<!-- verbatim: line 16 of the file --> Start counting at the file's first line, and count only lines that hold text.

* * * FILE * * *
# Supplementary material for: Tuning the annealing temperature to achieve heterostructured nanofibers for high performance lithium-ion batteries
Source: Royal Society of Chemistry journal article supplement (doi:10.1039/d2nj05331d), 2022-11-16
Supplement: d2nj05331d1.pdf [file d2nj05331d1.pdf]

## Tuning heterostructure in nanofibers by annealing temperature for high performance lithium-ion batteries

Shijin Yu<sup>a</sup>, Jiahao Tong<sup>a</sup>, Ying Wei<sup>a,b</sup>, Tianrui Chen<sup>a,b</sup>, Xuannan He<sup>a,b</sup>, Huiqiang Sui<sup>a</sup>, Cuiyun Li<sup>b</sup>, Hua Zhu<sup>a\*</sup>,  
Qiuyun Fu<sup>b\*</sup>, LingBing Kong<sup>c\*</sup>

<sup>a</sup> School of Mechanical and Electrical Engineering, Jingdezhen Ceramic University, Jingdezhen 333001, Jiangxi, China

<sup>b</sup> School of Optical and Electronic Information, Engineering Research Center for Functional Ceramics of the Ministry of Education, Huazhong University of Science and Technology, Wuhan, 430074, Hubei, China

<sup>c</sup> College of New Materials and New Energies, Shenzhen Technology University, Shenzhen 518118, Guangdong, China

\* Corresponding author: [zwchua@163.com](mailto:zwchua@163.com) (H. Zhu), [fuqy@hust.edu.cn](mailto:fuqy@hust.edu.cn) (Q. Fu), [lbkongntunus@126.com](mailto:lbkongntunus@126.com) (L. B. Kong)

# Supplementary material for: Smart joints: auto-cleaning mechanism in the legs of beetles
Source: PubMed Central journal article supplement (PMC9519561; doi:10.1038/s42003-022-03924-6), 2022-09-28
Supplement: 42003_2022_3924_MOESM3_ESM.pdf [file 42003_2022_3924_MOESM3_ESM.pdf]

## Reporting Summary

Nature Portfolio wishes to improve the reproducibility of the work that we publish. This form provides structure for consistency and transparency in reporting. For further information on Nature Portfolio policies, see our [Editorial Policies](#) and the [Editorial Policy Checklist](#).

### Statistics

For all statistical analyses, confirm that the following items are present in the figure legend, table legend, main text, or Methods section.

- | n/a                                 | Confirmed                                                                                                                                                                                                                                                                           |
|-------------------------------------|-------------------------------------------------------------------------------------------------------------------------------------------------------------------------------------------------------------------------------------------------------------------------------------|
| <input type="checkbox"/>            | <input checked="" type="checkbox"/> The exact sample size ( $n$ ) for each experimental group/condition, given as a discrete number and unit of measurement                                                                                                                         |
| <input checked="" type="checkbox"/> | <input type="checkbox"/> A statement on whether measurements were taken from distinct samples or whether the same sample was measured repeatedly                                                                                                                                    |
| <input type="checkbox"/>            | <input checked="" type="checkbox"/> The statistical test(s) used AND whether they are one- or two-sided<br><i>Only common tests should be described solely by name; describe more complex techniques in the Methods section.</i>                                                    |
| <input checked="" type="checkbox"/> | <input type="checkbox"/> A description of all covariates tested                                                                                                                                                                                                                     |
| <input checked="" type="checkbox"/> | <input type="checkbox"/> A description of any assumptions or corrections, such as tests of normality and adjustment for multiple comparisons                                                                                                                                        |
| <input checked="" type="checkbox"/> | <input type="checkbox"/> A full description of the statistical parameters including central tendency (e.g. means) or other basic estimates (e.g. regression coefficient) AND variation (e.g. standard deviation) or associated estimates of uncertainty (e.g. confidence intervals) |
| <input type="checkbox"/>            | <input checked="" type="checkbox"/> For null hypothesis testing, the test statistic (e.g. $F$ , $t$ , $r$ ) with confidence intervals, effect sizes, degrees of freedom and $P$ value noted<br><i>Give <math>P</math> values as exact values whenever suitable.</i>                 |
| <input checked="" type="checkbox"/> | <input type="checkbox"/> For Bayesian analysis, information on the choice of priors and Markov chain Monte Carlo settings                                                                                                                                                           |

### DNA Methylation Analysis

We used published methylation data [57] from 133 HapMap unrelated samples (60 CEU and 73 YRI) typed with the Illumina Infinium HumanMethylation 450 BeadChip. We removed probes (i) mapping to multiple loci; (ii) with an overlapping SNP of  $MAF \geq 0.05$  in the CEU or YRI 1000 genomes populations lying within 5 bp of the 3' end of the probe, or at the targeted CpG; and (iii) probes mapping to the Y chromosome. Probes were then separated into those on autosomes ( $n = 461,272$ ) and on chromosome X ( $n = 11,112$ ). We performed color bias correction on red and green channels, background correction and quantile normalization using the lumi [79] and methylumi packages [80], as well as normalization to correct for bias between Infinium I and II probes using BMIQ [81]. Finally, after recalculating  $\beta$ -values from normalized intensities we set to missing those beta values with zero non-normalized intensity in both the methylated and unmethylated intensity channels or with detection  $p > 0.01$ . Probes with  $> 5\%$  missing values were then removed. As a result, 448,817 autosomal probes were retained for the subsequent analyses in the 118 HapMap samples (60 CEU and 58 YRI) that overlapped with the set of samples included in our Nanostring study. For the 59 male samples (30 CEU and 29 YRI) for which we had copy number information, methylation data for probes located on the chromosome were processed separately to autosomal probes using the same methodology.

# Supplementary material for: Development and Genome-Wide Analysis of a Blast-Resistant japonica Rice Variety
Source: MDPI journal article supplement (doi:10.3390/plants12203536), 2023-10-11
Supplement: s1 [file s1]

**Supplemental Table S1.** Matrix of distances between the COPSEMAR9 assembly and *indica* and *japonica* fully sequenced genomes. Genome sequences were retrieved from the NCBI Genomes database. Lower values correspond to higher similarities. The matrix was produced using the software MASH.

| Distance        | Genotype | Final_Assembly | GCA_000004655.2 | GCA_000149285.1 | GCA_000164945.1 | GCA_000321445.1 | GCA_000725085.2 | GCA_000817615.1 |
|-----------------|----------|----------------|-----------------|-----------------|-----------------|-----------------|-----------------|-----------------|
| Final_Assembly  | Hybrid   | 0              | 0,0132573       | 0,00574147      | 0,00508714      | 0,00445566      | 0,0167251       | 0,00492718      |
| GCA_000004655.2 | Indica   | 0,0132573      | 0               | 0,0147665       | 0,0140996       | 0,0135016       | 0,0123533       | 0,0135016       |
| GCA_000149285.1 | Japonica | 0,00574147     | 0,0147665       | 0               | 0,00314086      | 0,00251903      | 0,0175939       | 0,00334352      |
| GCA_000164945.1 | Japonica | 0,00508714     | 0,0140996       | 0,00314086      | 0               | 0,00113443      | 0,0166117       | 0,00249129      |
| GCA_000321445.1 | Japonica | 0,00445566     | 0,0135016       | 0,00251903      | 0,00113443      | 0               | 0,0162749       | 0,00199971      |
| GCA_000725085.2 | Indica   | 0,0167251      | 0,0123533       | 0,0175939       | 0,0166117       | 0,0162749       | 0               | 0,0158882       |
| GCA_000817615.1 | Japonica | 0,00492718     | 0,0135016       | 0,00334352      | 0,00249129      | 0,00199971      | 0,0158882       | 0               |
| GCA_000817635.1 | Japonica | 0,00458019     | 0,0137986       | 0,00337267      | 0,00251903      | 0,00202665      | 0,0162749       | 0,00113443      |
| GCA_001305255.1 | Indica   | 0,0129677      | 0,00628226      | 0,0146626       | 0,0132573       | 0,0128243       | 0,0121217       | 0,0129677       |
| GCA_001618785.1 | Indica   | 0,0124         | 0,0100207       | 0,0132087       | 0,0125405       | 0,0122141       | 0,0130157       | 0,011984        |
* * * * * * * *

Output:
### Statistics